Singer, Writer Can Cram Lots Into A Tiny Tune
January 14, 1998
She plys her trade as a songwriting folksinger, but perhaps Dar Williams might consider an alternate career as an economist.
You can choose virtually any song from the 30-year-old’s exceptional three album catalogue — say “When I Was A Boy,” her timeless paean to tomboyish innocence that kicks off her debut album The Honesty Room, or her evocative analysis of therapy in “What Do You Hear In These Sounds,” from her latest CD End Of The Summer — and you wonder how one can astutely cram so much wisdom and insight into so little space.
Consider this excerpt from the humorous tune “The Pointless, Yet Poignant, Crisis Of A Co-Ed “– chiefly carried by a sole acoustic guitar — that graces Williams’ second album Mortal City:
“I’m not a leader, I’m not a left-wing rhetoric mobilizing force of one,
But there was a time way back, many years ago in college, don’t laugh,
But I thought I was a radical, I ran the Hemp Liberation League with my boyfriend,
It was true love, with a common cause and besides that, he was a Sagittarius.”
“Well, a bit of it is the magic of the muse,” laughs Williams over the line Sunday from Florida.
“If you really figure out what you really want to say, you can make it fit a very small space. And if you’re trying to be a good folk singer, you’ll try to do it with a bit of grace, as opposed to using a shoehorn.”
What? She calls herself a folksinger? Unlike many of her peers who tend to veer away from the claustrophobic weight of description, Dar Williams takes pride and ownership as a folk music champion.
“Somebody pointed out that folk music is defined by the way people listen to it, and I feel that people come to listen to my music and feel like they’ve heard something,” she declares.
“Also, that’s my community where I receive my support. That’s where my friends are from, and those are the festivals that I play.”
And in just five years, the Western Massachusetts-based Williams has emerged as one of folk music’s brightest lights.
She’s wowed her audiences at 1994’s Folk Music Alliance conference, The Newport Folk Festival and the annual Texas schmoozefest South By Southwest, toured to rave reviews with Ani DiFranco and counts fellow folkies John Prine, Christine Lavin and Nanci Griffith among her fans. Her music has even been conscripted by the producers of the TV serials Party Of Five and All My Children for use on several episodes.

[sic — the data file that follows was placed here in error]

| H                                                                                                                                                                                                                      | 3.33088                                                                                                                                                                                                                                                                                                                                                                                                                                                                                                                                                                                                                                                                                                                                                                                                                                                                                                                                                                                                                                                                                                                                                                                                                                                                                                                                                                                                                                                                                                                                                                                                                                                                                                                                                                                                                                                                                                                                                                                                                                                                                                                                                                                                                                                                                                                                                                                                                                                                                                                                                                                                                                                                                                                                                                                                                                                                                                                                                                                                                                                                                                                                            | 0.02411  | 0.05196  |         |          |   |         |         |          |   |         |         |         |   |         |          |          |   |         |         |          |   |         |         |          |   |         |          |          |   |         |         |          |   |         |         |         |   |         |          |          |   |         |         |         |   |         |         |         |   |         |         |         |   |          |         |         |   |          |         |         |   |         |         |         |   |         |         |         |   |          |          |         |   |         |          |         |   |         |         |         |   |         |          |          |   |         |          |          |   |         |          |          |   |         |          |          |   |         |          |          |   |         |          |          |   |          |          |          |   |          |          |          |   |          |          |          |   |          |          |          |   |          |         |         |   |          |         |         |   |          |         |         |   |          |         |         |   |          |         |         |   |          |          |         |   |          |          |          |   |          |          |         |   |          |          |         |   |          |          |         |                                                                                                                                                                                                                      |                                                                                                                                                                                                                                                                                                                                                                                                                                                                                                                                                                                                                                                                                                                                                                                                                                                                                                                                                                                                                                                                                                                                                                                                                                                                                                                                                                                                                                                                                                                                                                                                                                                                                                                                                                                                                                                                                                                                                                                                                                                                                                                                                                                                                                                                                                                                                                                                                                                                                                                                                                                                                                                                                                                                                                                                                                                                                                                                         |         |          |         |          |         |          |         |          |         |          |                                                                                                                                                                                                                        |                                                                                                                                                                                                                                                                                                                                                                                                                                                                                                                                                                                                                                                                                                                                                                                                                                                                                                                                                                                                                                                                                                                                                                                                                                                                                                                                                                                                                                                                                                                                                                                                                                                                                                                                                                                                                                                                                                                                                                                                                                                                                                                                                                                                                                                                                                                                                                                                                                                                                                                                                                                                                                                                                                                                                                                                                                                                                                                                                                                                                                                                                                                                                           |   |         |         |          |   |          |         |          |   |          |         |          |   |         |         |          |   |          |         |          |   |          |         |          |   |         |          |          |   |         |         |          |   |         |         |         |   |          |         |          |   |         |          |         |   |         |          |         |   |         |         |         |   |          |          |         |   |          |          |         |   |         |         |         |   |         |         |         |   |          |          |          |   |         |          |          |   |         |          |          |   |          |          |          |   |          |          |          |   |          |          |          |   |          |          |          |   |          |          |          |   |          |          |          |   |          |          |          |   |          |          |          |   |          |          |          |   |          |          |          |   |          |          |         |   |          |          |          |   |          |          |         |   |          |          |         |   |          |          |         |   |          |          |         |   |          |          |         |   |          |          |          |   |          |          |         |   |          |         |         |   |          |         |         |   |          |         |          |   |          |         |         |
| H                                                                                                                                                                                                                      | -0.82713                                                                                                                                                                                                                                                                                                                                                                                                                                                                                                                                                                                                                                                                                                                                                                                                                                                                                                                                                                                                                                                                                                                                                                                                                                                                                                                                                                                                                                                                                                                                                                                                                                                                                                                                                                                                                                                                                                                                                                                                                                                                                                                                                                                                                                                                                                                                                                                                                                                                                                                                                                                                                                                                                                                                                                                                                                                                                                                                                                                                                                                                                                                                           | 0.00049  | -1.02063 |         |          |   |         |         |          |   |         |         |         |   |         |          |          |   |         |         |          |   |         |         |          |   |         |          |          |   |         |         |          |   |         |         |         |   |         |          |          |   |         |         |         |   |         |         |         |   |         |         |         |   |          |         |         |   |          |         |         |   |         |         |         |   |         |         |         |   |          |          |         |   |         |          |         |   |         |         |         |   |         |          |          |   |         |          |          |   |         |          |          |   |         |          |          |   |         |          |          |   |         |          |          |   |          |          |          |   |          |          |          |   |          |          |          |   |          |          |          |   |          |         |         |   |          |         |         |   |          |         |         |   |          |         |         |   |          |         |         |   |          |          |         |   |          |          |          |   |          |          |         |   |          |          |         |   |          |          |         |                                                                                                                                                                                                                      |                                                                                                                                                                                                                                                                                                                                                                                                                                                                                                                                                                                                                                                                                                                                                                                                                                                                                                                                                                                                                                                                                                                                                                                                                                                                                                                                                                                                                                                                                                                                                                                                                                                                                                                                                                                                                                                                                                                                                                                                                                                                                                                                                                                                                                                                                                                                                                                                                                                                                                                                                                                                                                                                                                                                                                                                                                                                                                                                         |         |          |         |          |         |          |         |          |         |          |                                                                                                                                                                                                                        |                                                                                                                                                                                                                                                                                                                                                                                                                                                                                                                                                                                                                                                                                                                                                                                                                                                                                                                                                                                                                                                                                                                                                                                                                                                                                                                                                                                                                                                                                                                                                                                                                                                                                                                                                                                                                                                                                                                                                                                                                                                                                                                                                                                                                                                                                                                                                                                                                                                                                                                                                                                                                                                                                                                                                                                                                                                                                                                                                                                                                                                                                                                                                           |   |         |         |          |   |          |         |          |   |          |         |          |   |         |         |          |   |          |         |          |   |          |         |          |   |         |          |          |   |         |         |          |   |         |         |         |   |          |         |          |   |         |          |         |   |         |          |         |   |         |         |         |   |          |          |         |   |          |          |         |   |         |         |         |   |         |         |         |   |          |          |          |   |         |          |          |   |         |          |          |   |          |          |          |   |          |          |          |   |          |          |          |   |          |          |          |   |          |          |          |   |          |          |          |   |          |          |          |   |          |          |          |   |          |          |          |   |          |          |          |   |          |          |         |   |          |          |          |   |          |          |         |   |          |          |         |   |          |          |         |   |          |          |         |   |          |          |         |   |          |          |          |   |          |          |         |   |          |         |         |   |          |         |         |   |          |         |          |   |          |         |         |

But there was once a day when the one-time aspiring playwright briefly pondered a career singing “La Boheme” and “Madame Butterfly” instead of “Teenagers, Kick Our Butts.”
“When I first got to Boston I also worked for an opera company. When I got there I discovered that I wasn’t so interested in directing opera as singing it. So I signed up for voice lessons.”
Williams sang a few of her own songs for her teacher Jeannie Deva, who was suitably impressed.
“My teacher said, `I think you have a gift.’ She made me stand up for myself.”
Williams then invested time at “open mic” nights, and discovered a thriving folk scene. After releasing a couple of independent cassettes — I Have No History and All My Heroes Are Dead — she moved to Western Massachusetts, stayed home and wrote her first album, The Honesty Room.
Dipping into her savings, she recorded the album in 1993, released it in 1994, and promptly embarked on a 250-date touring schedule which included her integral folk festival appearances.
“At times it felt like I was finding my audience person by person, and I got a lot of feedback from my peers and from my family,” she concedes. “It was hard. It was a bit of a cauldron, but my mettle was tested in the street. But I think I’m a populist at heart.”
On a local note, Hamilton guitarist Bill Dillon contributed his instrumental expertise to four tracks on Williams’ latest album, End Of The Summer.
She’s performing solo at the Lighthouse Festival Theatre, but if Dillon shows up, she’s making him a promise.
“I’d like to buy him a capuccino.”